“As consumers it’s up to us to decide what is important in regards to what we eat” 7.  Some people opt not to eat meat at all, some opt for grass-fed or antibiotic and hormone free. In terms of some health risks often paired with eating meat “part of it may be how it’s produced but a lot of it has to do with how much we eat. We are eating bigger quantities of meat than ever before” 7. There is no simple one size fits all solution to the problem of unsustainable food production. “In the end part of the problem is many people have no idea how food is produced so talking to them about it is meaningless” 7. Regardless of their knowledge on the subject it is clear that consumers do care about how what they eat is impacting the planet. “If consumers didn’t care, these restaurants wouldn’t be talking about it, but instead of just depending on the term ‘sustainable’ consumers should do their research into how a specific item is produced” 7.

It’s easy to see QSR using the term sustainability and conclude that this word is coined as a marketing gimmick. Seeing that McDonald’s uses only 30% sustainable beef in one of their burgers may lead some to believe they are not making much of an effort. “The challenge they have is, do they make a commitment when they can do 100% or do they make the commitment initially and work their way from there” 7. A QSR like McDonald’s making the initial effort to switch to sustainable beef opens the doors for producers who want to farm by those standards but did not previously have the market to sell to. “As long as they are trying to get better. Customers will give them credit if they are trying” 7. It will take some time before the producers can catch up to the demand for beef produced in a way that is environmentally conscious. Big players in the QSR industry getting on board with these ideas will raise awareness for the initiative and help make a positive impact.

Tanya Broschinski is a third-year student completing an independent study course entitled Introduction to Organic and Biodynamic Agriculture.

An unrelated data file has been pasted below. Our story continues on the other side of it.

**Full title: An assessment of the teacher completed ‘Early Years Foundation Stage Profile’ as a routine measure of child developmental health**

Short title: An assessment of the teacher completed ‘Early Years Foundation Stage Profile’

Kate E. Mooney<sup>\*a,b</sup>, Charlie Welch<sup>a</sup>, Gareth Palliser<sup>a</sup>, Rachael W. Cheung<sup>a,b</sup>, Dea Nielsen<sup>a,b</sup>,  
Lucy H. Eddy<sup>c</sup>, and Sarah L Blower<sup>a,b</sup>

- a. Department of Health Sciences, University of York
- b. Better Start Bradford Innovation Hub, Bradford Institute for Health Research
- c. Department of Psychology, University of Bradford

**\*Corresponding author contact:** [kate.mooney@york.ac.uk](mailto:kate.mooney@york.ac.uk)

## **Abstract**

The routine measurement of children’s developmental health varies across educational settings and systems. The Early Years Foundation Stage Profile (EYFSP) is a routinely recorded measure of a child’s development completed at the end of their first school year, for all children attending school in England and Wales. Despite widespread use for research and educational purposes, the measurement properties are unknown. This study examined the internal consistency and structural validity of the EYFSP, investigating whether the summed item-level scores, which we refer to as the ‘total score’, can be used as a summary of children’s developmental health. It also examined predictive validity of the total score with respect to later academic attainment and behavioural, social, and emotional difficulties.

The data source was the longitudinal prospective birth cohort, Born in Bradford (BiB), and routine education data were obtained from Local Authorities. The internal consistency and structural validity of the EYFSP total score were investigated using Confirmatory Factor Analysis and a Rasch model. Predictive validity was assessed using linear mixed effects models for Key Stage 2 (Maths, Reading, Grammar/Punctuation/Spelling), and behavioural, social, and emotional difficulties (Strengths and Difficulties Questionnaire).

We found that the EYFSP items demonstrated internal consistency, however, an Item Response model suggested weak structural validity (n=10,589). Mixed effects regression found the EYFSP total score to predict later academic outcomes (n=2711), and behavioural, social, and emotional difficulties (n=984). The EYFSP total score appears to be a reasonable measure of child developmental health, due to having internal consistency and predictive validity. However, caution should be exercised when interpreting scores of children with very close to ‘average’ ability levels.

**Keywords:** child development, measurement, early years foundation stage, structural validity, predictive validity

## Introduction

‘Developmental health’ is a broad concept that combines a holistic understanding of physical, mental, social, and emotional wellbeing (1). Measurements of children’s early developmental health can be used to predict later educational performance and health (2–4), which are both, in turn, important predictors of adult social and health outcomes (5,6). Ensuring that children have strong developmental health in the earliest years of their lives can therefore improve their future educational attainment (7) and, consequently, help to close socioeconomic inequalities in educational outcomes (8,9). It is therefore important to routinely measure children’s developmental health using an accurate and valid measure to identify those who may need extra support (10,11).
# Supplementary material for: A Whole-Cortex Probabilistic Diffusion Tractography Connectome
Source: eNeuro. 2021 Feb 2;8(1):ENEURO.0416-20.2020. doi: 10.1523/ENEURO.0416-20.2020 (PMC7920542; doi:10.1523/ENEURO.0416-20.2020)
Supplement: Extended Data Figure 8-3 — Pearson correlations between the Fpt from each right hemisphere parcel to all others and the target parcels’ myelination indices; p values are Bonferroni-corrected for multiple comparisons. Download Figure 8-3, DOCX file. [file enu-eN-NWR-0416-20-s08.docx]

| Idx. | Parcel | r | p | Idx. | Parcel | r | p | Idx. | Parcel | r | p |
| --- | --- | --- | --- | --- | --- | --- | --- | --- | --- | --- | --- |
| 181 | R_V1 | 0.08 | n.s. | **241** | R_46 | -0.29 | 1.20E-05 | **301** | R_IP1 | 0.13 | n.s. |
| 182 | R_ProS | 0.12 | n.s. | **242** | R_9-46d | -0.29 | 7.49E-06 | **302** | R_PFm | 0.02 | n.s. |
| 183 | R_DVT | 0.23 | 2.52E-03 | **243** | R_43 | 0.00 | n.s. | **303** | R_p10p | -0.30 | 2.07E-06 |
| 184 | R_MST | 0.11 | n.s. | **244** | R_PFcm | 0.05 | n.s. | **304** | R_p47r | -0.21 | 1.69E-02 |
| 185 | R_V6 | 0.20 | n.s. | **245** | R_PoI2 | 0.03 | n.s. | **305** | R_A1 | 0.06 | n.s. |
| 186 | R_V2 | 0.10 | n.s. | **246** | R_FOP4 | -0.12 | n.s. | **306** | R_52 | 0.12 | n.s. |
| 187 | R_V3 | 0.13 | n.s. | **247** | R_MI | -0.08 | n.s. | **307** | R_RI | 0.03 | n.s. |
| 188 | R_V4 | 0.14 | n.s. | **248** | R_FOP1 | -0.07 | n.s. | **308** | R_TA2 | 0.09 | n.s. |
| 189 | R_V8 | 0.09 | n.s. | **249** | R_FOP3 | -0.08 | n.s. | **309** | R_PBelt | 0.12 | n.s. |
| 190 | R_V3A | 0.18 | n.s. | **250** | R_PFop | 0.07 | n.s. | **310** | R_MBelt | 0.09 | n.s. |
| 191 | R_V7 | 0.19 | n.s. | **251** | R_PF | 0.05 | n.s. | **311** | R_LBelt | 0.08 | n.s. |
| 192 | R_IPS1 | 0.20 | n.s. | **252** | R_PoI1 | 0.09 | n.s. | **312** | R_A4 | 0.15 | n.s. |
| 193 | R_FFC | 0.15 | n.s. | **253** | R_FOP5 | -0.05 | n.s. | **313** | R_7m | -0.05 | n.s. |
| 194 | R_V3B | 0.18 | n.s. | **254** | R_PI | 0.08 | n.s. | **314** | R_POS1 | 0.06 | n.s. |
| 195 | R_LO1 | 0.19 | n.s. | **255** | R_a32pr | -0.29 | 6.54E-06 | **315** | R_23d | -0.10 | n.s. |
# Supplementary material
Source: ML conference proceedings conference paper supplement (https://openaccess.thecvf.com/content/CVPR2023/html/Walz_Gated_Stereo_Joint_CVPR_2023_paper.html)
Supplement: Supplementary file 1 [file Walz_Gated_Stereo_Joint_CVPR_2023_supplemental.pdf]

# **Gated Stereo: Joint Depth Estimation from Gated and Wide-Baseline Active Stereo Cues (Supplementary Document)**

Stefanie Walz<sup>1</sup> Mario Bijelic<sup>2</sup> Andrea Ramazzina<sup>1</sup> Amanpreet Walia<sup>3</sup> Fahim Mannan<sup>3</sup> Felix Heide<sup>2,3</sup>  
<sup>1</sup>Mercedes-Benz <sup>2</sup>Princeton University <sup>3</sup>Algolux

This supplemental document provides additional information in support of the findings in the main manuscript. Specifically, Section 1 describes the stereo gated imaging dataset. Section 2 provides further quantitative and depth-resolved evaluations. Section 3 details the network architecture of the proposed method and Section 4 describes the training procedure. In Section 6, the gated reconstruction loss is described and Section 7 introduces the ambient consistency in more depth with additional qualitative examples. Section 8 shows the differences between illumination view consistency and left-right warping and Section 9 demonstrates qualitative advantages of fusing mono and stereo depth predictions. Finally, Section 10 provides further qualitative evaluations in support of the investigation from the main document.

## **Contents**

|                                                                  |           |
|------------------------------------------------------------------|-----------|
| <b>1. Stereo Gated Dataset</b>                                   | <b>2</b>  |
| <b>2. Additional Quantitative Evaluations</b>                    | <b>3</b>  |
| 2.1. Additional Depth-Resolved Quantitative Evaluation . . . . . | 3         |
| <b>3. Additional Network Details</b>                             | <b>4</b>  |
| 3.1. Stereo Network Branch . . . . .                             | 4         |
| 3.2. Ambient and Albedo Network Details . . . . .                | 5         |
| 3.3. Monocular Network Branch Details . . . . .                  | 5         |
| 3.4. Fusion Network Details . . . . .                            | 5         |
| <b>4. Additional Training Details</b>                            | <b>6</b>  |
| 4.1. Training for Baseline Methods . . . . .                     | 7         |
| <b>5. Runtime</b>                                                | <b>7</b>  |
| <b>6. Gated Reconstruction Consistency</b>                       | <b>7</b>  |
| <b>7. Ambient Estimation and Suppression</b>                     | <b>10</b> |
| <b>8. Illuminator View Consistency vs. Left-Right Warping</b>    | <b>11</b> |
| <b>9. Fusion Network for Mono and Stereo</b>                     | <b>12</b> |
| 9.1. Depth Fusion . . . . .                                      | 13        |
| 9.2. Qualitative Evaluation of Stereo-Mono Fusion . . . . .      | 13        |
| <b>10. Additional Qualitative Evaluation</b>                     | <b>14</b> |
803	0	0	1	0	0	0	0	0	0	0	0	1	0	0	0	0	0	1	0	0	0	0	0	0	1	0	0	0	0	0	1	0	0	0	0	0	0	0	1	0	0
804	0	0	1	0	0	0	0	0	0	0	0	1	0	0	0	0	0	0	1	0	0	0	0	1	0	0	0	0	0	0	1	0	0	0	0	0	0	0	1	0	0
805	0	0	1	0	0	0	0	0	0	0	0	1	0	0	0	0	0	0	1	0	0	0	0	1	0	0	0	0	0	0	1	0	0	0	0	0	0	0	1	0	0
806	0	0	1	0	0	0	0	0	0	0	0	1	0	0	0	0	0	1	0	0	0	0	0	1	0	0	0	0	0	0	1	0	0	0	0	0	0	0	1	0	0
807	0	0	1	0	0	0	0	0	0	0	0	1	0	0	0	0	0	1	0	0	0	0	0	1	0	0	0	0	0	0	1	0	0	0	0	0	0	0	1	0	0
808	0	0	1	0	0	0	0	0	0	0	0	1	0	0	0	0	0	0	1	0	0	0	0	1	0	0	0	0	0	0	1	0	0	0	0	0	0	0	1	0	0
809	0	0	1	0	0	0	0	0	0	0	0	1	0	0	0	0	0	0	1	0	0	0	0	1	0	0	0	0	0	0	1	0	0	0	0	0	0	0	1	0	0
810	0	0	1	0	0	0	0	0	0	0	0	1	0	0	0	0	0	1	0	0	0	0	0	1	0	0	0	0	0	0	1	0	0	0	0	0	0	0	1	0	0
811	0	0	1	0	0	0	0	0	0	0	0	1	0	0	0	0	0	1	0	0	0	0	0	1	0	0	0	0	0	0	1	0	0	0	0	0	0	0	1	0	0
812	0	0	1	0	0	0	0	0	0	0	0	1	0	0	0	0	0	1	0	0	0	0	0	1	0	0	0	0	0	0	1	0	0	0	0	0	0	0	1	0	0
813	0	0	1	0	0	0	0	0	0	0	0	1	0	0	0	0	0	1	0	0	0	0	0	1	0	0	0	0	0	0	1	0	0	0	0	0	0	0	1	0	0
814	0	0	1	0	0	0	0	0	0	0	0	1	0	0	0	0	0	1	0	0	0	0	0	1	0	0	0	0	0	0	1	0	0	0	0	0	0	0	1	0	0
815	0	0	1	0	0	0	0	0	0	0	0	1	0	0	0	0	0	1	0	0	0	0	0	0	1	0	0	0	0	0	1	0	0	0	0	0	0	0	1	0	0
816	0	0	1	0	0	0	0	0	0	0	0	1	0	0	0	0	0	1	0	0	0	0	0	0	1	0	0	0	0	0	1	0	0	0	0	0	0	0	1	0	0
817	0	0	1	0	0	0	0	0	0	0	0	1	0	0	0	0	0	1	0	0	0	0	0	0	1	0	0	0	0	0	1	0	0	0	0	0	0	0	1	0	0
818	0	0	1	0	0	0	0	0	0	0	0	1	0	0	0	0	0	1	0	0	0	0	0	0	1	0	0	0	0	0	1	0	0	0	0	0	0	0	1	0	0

1 A&W. (n.d.). Explore Our Values. Grass-Fed Beef. A&W. https://web.aw.ca/en/our-values/our-food/beef

2 Seah, N. (2020). 7 Sustainable Fast Food Brands in 2020. Workstream. https://www.workstream.us/blog/7-most-sustainable-fast-food-brands

3 McDonald’s. (n.d.) Sustainability. McDonald’s. https://www.mcdonalds.com/ca/en-ca/about-our-food/sustainability.html

4 CRSB. (December 2017). Sustainable Beef Production Standard. CRSB. https://www.crsbcertified.ca/assets/Uploads/Framework-Documents/CRSB-Sustainable-Beef-Production-Standard-v1.0.pdf

5 Food, Agricultural & Resource Economics. (n,d,). Mike von Massow. University of Guelph. https://www.uoguelph.ca/fare/users/mvonmass.

6 Ogle, M. (September 3rd 2013). Riots, Rage, and Resistance: A Brief History of How Antibiotics Arrived on the Farm. Scientific American. Retrieved from https://blogs.scientificamerican.com/guest-blog/riots-rage-and-resistance-a-brief-history-of-how-antibiotics-arrived-on-the-farm/

7von Massow, M. (December 10th, 2020). Personal interview with professor Mike von Massow.

8 Suddath, C. (April 23rd 2010). The Problem with Factory Farms. Time. Retrieved from http://content.time.com/time/health/article/0,8599,1983981,00.html

9 Goodman, R. (September 27th 2012). Does Feeding Cattle Corn Harm Them? Beef Runner. Retrieved from https://beefrunner.com/2012/09/27/ask-a-farmer-does-feeding-corn-harm-cattle/

10 Rodale, M. (2010). The Organic Manifesto. Rodale Books.

11 SAI Platform. (2013). Principles for Sustainable Beef Farming. SAI Platform. https://saiplatform.org/uploads/Modules/Library/sai-platform-principles-for-sustainable-beef-farming-final.pdf

12 Canadian Beef. (June 2016). Understanding the Difference in Organic and Other Beef. Canadian Beef. http://canadabeef.ca/wp-content/uploads/2015/04/3208_CANBEEF_factsheet_ORGANIC-2016.pdf

13 Regen Organic. (n.d.) Farm like the world depends on it. Regenerative Organic Certified. https://regenorganic.org/